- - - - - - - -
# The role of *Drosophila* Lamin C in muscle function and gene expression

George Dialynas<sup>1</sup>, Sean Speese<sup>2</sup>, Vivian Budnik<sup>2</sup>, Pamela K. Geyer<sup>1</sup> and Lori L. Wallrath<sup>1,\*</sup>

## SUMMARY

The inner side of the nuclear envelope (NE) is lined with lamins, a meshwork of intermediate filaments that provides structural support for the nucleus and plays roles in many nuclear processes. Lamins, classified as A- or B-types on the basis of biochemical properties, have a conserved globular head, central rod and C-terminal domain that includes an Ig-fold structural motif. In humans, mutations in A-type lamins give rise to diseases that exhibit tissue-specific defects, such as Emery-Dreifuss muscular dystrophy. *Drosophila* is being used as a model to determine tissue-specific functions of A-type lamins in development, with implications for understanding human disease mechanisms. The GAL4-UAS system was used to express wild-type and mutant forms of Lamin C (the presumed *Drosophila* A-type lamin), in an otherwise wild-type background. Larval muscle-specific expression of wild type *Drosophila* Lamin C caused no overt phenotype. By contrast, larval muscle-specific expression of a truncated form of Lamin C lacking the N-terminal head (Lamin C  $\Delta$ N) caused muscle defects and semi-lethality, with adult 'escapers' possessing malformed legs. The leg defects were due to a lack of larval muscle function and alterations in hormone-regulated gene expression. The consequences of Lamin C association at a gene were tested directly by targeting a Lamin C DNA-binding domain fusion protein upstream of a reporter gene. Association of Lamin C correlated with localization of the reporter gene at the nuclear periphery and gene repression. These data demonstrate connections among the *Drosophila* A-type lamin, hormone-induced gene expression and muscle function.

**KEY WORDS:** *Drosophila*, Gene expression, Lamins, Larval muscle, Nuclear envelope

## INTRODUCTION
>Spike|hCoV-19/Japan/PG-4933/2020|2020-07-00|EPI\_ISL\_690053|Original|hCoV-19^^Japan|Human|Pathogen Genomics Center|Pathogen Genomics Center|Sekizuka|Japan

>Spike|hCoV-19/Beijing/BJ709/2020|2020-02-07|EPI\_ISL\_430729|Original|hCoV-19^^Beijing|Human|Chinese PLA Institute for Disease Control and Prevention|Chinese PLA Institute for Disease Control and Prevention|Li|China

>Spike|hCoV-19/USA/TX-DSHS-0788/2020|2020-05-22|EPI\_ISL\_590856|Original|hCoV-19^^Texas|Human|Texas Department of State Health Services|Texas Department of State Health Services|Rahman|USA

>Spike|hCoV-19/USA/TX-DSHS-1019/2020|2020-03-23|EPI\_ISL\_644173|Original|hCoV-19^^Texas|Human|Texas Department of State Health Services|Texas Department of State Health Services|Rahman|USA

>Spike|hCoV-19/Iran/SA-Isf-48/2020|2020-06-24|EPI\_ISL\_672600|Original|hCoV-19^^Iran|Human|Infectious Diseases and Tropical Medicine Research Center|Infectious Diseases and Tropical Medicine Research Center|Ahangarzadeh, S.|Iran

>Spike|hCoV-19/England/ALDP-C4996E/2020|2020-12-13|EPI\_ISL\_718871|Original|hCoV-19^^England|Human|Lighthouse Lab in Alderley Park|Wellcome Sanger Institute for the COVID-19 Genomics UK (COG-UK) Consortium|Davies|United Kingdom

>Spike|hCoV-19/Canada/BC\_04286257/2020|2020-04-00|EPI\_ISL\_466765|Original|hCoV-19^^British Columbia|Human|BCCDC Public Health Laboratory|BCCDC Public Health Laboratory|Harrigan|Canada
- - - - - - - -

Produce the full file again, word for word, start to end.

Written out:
# The role of *Drosophila* Lamin C in muscle function and gene expression

George Dialynas<sup>1</sup>, Sean Speese<sup>2</sup>, Vivian Budnik<sup>2</sup>, Pamela K. Geyer<sup>1</sup> and Lori L. Wallrath<sup>1,\*</sup>

## SUMMARY

The inner side of the nuclear envelope (NE) is lined with lamins, a meshwork of intermediate filaments that provides structural support for the nucleus and plays roles in many nuclear processes. Lamins, classified as A- or B-types on the basis of biochemical properties, have a conserved globular head, central rod and C-terminal domain that includes an Ig-fold structural motif. In humans, mutations in A-type lamins give rise to diseases that exhibit tissue-specific defects, such as Emery-Dreifuss muscular dystrophy. *Drosophila* is being used as a model to determine tissue-specific functions of A-type lamins in development, with implications for understanding human disease mechanisms. The GAL4-UAS system was used to express wild-type and mutant forms of Lamin C (the presumed *Drosophila* A-type lamin), in an otherwise wild-type background. Larval muscle-specific expression of wild type *Drosophila* Lamin C caused no overt phenotype. By contrast, larval muscle-specific expression of a truncated form of Lamin C lacking the N-terminal head (Lamin C  $\Delta$ N) caused muscle defects and semi-lethality, with adult 'escapers' possessing malformed legs. The leg defects were due to a lack of larval muscle function and alterations in hormone-regulated gene expression. The consequences of Lamin C association at a gene were tested directly by targeting a Lamin C DNA-binding domain fusion protein upstream of a reporter gene. Association of Lamin C correlated with localization of the reporter gene at the nuclear periphery and gene repression. These data demonstrate connections among the *Drosophila* A-type lamin, hormone-induced gene expression and muscle function.

**KEY WORDS:** *Drosophila*, Gene expression, Lamins, Larval muscle, Nuclear envelope

## INTRODUCTION
>Spike|hCoV-19/Japan/PG-4933/2020|2020-07-00|EPI\_ISL\_690053|Original|hCoV-19^^Japan|Human|Pathogen Genomics Center|Pathogen Genomics Center|Sekizuka|Japan

>Spike|hCoV-19/Beijing/BJ709/2020|2020-02-07|EPI\_ISL\_430729|Original|hCoV-19^^Beijing|Human|Chinese PLA Institute for Disease Control and Prevention|Chinese PLA Institute for Disease Control and Prevention|Li|China

>Spike|hCoV-19/USA/TX-DSHS-0788/2020|2020-05-22|EPI\_ISL\_590856|Original|hCoV-19^^Texas|Human|Texas Department of State Health Services|Texas Department of State Health Services|Rahman|USA

>Spike|hCoV-19/USA/TX-DSHS-1019/2020|2020-03-23|EPI\_ISL\_644173|Original|hCoV-19^^Texas|Human|Texas Department of State Health Services|Texas Department of State Health Services|Rahman|USA

>Spike|hCoV-19/Iran/SA-Isf-48/2020|2020-06-24|EPI\_ISL\_672600|Original|hCoV-19^^Iran|Human|Infectious Diseases and Tropical Medicine Research Center|Infectious Diseases and Tropical Medicine Research Center|Ahangarzadeh, S.|Iran

>Spike|hCoV-19/England/ALDP-C4996E/2020|2020-12-13|EPI\_ISL\_718871|Original|hCoV-19^^England|Human|Lighthouse Lab in Alderley Park|Wellcome Sanger Institute for the COVID-19 Genomics UK (COG-UK) Consortium|Davies|United Kingdom

>Spike|hCoV-19/Canada/BC\_04286257/2020|2020-04-00|EPI\_ISL\_466765|Original|hCoV-19^^British Columbia|Human|BCCDC Public Health Laboratory|BCCDC Public Health Laboratory|Harrigan|Canada